To floss or not to floss?

That’s the question — Let’s listen to the dental experts!

By Barbara Pierce

dental healthA few years ago, The Associated Press reported: “There’s little proof that flossing works.” Its conclusion: There is no evidence to prove that flossing helps prevent cavities and gum disease.

Many of us cheered when we heard this. For years, we’ve been told to floss. Dentists have long recommended flossing as a critically important part of taking care of our teeth and gums.

But who is right? How useful is flossing really?

“Dentists will have a lot more work if people stop flossing! That is absolutely wrong!” emphasized my dental hygienist when I asked her what she thought.

“That is completely false. It’s from a lunatic fringe!” agreed Dr. Charles Burns of Slavin, Jackson & Burns, Comprehensive Dentistry in Utica. “We’ll definitely be kept busy if people don’t floss.”

Why floss?

“Flossing is essential in preventing cavities,” Burns said. “The vast majority of cavities start between the teeth where the bacteria are heavy.”

Throughout the day, bacteria form naturally in your mouth. These bacteria grow and thrive on the pieces of food that get stuck between your teeth — stuck between your teeth where a toothbrush can’t reach.

Each tooth has five surfaces. Three of these — front, back and biting edge — can be cleaned with a toothbrush. The two sides of the teeth that sit next to each other can’t be reached with a toothbrush.

Unless you floss, these food particles and bacteria, called plaque, will thrive. Flossing is the only way to get rid of the plaque trapped between your teeth.

Plaque produces acid, which is what causes the vast majority of cavities, explained Burns. Plaque also irritates the gums, which leads to gum disease. When you get a puddle of acid, it causes bone loss and gum disease.

Gum disease leads to sore gums, painful swallowing, an even the loss of teeth.

So, yes, it is important to floss — very important.

The American Dental Association recommends flossing daily, at whatever time works best for you.

‘The vast majority of cavities start between the teeth where the bacteria are heavy.’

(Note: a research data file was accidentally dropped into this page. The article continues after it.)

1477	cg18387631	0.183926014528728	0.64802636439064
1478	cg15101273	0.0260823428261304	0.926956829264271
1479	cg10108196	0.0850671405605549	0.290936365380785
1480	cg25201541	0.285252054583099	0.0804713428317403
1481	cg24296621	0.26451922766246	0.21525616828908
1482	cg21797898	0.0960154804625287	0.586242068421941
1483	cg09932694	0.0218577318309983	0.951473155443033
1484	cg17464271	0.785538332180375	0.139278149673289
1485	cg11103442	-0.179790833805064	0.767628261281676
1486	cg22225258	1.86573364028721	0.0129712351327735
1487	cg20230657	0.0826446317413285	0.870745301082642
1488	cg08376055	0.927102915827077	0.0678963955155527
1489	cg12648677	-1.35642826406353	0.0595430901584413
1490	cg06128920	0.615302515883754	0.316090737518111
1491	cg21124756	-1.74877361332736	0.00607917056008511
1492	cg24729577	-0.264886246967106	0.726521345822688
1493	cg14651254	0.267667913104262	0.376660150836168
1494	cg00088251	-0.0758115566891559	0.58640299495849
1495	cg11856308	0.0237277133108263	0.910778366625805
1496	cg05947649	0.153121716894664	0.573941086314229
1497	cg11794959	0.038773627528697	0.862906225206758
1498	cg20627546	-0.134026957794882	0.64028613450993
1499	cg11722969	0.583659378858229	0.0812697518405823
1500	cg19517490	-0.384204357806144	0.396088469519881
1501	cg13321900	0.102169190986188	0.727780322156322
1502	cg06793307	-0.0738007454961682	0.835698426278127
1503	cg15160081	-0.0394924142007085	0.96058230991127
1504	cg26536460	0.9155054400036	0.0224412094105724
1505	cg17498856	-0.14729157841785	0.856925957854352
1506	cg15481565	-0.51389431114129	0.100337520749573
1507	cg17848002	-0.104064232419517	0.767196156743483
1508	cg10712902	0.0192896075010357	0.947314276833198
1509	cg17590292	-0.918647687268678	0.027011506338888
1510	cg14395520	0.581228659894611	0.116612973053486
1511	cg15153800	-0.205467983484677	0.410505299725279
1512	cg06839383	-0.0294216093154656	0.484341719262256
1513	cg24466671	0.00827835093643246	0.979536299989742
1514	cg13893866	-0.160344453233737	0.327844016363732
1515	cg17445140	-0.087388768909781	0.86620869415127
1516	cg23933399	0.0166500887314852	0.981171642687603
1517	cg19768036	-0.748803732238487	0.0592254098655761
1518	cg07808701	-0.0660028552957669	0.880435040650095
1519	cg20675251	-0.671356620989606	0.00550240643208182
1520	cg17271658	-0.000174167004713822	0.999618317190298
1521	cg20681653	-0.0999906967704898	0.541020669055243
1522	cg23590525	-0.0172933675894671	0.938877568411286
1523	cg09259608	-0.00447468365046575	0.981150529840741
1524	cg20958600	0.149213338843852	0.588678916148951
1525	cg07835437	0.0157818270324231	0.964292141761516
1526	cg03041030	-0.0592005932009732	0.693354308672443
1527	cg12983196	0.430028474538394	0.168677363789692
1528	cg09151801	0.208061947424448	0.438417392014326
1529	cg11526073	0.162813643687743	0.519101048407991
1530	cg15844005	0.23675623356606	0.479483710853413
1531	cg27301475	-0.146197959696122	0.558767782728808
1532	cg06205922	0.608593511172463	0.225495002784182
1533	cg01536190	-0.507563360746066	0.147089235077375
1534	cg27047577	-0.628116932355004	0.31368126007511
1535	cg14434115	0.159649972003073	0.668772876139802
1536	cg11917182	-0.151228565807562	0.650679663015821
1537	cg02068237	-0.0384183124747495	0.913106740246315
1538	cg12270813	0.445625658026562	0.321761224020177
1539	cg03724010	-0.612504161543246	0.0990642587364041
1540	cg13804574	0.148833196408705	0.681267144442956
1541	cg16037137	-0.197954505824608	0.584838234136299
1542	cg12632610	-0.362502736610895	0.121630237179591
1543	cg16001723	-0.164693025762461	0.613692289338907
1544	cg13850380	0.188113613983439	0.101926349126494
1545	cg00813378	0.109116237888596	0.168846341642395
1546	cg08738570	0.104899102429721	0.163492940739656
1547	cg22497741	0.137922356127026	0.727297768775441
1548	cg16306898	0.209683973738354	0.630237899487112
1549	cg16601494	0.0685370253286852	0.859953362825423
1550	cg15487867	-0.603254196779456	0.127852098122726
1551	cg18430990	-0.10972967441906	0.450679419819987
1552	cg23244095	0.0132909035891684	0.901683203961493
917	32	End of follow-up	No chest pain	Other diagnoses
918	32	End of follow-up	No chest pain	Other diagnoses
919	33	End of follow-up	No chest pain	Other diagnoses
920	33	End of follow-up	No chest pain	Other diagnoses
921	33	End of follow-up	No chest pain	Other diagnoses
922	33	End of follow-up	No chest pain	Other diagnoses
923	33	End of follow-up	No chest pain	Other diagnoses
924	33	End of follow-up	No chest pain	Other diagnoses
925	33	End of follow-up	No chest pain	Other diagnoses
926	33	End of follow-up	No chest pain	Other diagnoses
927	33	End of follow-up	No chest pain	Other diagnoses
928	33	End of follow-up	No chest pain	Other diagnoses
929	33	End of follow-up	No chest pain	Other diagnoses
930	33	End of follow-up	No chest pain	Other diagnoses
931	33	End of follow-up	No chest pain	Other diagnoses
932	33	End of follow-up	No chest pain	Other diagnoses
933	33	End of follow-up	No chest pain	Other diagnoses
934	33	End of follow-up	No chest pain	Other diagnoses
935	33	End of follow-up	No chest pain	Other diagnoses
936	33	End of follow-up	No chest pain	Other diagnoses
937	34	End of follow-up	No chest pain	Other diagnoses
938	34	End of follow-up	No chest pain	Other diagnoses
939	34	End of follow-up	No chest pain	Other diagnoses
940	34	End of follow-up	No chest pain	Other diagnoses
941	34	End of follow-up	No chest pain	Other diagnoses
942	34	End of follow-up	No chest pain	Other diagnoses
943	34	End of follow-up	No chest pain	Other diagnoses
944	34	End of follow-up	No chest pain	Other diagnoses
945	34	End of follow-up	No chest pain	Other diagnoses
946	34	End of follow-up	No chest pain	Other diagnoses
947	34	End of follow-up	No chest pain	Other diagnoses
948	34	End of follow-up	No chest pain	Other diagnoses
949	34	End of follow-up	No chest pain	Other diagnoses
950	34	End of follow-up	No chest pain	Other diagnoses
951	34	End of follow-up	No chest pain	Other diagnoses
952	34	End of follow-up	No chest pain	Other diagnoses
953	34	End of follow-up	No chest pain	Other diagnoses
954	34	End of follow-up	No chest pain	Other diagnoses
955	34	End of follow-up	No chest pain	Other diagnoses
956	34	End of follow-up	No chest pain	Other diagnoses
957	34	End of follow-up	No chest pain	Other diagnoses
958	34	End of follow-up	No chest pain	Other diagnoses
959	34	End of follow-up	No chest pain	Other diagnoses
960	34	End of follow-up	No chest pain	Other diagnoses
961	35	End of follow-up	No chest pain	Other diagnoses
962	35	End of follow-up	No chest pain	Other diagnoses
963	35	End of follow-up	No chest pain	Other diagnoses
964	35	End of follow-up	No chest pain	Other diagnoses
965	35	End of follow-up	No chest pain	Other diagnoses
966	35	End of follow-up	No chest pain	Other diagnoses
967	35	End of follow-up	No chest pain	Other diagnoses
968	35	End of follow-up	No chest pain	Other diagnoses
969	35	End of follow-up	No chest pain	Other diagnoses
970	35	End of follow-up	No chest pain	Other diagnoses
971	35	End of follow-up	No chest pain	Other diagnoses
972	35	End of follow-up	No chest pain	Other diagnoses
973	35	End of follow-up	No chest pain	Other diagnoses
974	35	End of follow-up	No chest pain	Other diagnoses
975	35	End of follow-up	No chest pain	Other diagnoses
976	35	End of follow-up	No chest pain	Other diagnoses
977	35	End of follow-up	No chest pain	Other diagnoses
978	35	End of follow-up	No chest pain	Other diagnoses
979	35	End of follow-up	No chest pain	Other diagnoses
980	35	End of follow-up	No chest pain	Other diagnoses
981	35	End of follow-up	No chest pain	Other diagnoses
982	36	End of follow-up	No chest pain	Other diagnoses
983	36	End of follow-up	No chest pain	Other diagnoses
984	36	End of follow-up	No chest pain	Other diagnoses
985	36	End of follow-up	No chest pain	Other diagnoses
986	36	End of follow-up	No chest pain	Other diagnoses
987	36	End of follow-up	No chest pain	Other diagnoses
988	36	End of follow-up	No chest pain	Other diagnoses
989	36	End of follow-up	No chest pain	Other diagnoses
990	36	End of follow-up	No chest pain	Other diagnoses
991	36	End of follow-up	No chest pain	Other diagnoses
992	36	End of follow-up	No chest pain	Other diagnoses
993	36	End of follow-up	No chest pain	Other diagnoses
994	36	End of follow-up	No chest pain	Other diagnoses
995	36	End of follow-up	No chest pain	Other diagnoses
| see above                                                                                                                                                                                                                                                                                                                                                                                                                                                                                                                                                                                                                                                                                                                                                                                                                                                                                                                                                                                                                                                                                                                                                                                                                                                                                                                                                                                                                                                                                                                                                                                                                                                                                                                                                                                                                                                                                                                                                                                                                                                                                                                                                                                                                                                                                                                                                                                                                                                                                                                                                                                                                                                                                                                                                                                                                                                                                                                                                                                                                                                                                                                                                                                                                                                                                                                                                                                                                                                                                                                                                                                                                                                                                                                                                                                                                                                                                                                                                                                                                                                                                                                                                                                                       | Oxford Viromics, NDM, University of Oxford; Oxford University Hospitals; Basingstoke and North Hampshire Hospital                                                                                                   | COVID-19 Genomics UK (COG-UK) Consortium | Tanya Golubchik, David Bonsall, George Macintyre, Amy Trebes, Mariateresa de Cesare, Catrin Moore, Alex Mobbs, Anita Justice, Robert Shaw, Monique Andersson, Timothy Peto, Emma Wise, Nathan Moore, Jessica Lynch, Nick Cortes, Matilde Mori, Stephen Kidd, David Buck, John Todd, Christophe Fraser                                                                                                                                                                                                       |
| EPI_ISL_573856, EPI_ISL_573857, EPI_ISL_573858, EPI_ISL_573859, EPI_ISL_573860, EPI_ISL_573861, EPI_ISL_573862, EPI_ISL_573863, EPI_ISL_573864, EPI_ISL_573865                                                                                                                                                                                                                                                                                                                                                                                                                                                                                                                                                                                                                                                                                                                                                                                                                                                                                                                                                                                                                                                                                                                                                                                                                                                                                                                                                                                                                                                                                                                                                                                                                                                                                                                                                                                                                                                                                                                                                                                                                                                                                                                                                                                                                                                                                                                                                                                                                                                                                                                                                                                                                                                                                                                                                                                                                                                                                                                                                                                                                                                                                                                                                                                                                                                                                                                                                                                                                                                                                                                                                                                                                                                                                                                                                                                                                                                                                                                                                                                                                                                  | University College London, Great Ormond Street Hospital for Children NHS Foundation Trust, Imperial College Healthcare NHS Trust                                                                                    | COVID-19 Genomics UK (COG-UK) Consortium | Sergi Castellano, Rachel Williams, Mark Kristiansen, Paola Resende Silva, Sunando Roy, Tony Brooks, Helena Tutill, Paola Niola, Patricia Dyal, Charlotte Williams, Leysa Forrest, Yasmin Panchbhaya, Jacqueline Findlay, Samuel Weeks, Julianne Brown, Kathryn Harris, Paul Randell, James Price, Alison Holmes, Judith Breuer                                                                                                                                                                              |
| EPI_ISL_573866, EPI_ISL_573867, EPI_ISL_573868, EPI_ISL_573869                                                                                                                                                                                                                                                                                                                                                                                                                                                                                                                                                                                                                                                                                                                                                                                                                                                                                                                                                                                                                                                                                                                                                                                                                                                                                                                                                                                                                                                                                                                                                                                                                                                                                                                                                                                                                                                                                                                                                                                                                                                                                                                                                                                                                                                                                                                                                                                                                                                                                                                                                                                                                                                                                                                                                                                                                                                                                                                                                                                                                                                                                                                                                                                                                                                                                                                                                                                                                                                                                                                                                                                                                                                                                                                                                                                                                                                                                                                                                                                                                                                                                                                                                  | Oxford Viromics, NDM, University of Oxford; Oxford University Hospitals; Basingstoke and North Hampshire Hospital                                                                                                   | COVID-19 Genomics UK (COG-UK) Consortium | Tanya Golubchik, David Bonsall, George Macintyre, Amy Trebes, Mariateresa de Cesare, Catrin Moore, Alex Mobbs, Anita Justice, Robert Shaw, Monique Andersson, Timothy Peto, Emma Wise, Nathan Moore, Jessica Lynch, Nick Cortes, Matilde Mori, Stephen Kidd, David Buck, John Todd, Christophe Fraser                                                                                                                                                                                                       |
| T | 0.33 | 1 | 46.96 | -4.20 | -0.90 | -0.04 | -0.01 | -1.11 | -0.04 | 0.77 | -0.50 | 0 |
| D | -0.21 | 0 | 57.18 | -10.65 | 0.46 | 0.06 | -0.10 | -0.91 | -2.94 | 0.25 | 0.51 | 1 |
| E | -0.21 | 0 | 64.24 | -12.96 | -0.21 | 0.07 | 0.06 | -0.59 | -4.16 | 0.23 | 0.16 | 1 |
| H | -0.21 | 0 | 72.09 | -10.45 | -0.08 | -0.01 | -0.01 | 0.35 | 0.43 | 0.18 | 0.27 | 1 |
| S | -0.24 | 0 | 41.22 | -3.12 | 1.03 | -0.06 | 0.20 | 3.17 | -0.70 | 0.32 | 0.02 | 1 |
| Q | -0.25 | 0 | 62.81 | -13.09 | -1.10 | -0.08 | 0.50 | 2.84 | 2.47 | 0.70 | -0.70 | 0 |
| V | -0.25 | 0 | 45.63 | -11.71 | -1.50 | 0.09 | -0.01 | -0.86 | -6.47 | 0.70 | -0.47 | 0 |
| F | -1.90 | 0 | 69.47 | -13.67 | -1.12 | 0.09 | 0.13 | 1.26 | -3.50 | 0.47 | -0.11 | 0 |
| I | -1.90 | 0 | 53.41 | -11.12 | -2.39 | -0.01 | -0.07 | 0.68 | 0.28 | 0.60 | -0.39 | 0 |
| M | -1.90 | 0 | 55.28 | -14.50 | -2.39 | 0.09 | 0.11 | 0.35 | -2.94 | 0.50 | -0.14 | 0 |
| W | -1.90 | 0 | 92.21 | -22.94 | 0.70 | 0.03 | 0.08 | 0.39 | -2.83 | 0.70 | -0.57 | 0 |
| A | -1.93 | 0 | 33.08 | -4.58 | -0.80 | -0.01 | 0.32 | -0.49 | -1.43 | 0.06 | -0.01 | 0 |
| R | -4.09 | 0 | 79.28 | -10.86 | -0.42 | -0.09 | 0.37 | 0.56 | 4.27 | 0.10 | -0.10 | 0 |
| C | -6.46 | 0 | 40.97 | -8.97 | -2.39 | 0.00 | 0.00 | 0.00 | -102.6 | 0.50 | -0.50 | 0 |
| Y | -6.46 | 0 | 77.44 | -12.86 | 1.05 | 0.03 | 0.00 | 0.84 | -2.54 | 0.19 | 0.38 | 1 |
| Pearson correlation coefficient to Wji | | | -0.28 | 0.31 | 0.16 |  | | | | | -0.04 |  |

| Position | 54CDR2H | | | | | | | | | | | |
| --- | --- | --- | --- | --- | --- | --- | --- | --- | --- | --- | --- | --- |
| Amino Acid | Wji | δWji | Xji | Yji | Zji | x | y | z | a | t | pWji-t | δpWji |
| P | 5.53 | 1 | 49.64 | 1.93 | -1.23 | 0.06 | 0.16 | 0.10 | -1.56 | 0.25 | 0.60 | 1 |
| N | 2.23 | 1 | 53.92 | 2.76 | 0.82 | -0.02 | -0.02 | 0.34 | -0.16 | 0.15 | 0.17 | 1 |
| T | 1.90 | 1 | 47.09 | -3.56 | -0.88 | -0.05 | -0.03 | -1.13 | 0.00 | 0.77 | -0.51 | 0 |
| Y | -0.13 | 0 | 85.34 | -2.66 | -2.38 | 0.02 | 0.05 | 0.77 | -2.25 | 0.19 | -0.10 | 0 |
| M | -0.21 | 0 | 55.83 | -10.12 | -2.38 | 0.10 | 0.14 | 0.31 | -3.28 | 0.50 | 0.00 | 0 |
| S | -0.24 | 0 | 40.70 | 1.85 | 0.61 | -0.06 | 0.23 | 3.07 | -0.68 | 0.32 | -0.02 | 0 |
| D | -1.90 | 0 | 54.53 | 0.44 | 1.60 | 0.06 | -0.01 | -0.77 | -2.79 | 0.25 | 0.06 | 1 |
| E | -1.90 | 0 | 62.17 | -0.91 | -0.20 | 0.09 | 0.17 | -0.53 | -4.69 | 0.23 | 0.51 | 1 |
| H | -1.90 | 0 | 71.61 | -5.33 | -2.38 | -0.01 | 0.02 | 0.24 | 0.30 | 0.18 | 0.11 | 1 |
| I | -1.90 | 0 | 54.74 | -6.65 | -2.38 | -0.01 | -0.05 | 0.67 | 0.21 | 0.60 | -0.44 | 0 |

Can you tell if I’ve flossed?

My hygienist always asks me: “Have you been flossing?” I’ve been known to err on the side of appearing to be more faithful at it than I really was. But it seems she knew the answer all the time.

“When we look in your mouth, we can see whether you’ve been flossing or not,” said Burns. “No one flosses nearly as much as they should. That’s almost always why cavities start.”

Floss or brush first?

Some people get into a routine of brushing, then flossing. The problem with this is that any food, plaque, and bacteria that is released from in between your teeth by flossing remains in your mouth until the next time you brush.

However, when you floss and then brush, brushing removes these released particles from your mouth.

Also, brush your tongue. Your tongue is just as much of a target for bacteria as your teeth because there are crevices and elevations all over your tongue; bacteria will hide in these areas unless removed.

These bacteria can lead to bad breath and even tooth damage. A mouthwash doesn’t work; only brushing works.

It helps to also use a mouth rinse, suggested Burns. A fluoride rinse will get in between your teeth and help clean there. Rinse with a fluoride rinse or water after brushing.

What if I have trouble with standard floss?

Most floss is made of either nylon or Teflon, and both are equally effective. People with larger spaces between their teeth or with gums that are receding tend to get better results with a flat, wide dental tape.

If your teeth are close together, try thin floss (sometimes made of Gore-Tex) that bills itself as shred resistant. This is my problem and the only thing that works for me is one called Glide.

There are many options other than floss to clean between your teeth, said Burns, such as dental flossers, floss holders, interdental brushes and water picks.

If you’re having trouble, ask your dentist or hygienist for advice on how best to do it and what options might work for you. If it’s painful, you’re doing it wrong.

Don’t use a floss strand more than once. Used floss might fray, lose its effectiveness, or put bacteria back in your mouth. Discard after each use.

How about my kids?

Even kids should floss.

Parents should do the flossing once a child’s teeth start to fit closely together, usually between the ages of 2 to 6.

Children usually develop the ability to floss on their own around the age of 10.

You do not need special floss, although the smooth type is usually easier to use. You may also want to try floss picks for your child.

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